I have been lusting after jam – not sugary Smuckers but jam that offered rich intense flavors with the fruit’s essence shining through. My grandmother made such jams. She hoarded summer’s bounty in neatly labeled mason jars stacked in orderly rows in her pantry – like soldiers – golden orange marmalade next to spicy apple chutney next to sweet berry jams.
When it came time to choose one for our breakfast she softly fingered them, contemplating which flavor suited her mood that day. To me the choice didn’t really matter. Each one was wonderful and I impatiently waited for her to pop the lid so I could spread some on my toast.
That taste in the dead of winter - smooth and sweet, melting on my tongue - made up for the complicated and sweaty business of jam making in the heat of summer.
On those days, my grandmother and I hauled out huge copper kettles, gleaming glass jars and mysterious wire racks from the depths of the basement. We piled crates brimming with fruit on every possible counter space. As we peeled and pitted, enticing aromas surrounded us – the sweet flesh of the fruit and the tangy vinegar that tickled my nose.
Our foreheads glistened while we stirred pots bubbling away on the stove. The heat in the room fairly shimmered as the ingredients cooked and the water gurgled to a boil in the heavy kettles. After much stirring she made a test and watched intently as the jam coated the spoon. “It’s ready” she said and we ladled the jam into all those jars, When she cracked open a jar, inspected the set and tasted the flavor, my grandmother’s wide smile said she was satisfied with her results – as always.
As an adult I had never made preserves, feeling sure in my heart that I could never match up to my grandmother’s and more than a little intimidated by the process. But last summer, posts from home preservers flashed across my browser, luring me with photogenic images of exotic jams and the promise of simple preparations. One day, just about the time of my pepper harvest, a post about savory jams caught my eye.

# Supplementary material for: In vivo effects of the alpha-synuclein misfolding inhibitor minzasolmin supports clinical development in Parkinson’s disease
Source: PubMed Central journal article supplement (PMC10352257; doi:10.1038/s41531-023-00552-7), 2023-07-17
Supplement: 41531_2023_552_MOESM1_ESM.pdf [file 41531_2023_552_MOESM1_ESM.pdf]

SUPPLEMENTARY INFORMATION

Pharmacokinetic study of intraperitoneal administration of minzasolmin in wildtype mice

Just three ingredients and less than an hour later, red pepper jam was simmering on my stove. The spicy bite was softened, but distinctly present. The flesh was wonderfully candied. The essence of pepper was powerfully concentrated in both aroma and taste but balanced with intense sweetness.
I sat the table and spread a bit on my toast. Although my grandmother was long gone, I could feel the generational torch being passed. I had measured up after all.
Red Pepper Jam
12 sweet red peppers (~4 pounds)
1 ¾ cup cider vinegar
2 ½ cups sugar
Remove seeds from peppers and chop in a food processor. Sprinkle with a little salt and let stand for one hour. This will quicken the cooking time. Squeeze out liquid.
Put the drained peppers, sugar and vinegar into a non-reactive pan large enough to hold the ingredients while boiling
Bring to a boil then turn down the heat so that the mixture is still bubbling gently but not at a high boil. Stir occasionally and cook until the mixture has a spreadable, jam-like consistency -- 30 to 60 minutes depending on degree of moisture in the peppers.
Let cool and spoon into jars. This will keep for weeks in the refrigerator or can be frozen. Or this can be canned in a boiling water bath following standard canning directions.
Note: A rich source of information and recipes for home preserving can be found in Marissa McLellan’s Food in Jars Blog and her new book, "Food in Jars, Preserving in Small Batches"
My peppers are an heirloom varietal brought by my family from Italy in the early 20th century. They are Bull's Horn sweet red peppers from Southern Italy. They actually are not ripe until they turn red. They have a thin flesh and sweet flavor. I have seeds to share if anyone wants some. Please help me preserve this wonderful varietal.
This is my contribution to edition #362 of Weekend Herb Blogging, an event started by Kalyn of Kalyn's Kitchen, now organized by Haalo of Cook (almost) Anything at Least Once. The host this week for both the English and Italian editions of Weekend Herb Blogging will be the delightful Cinzia from Cindystar.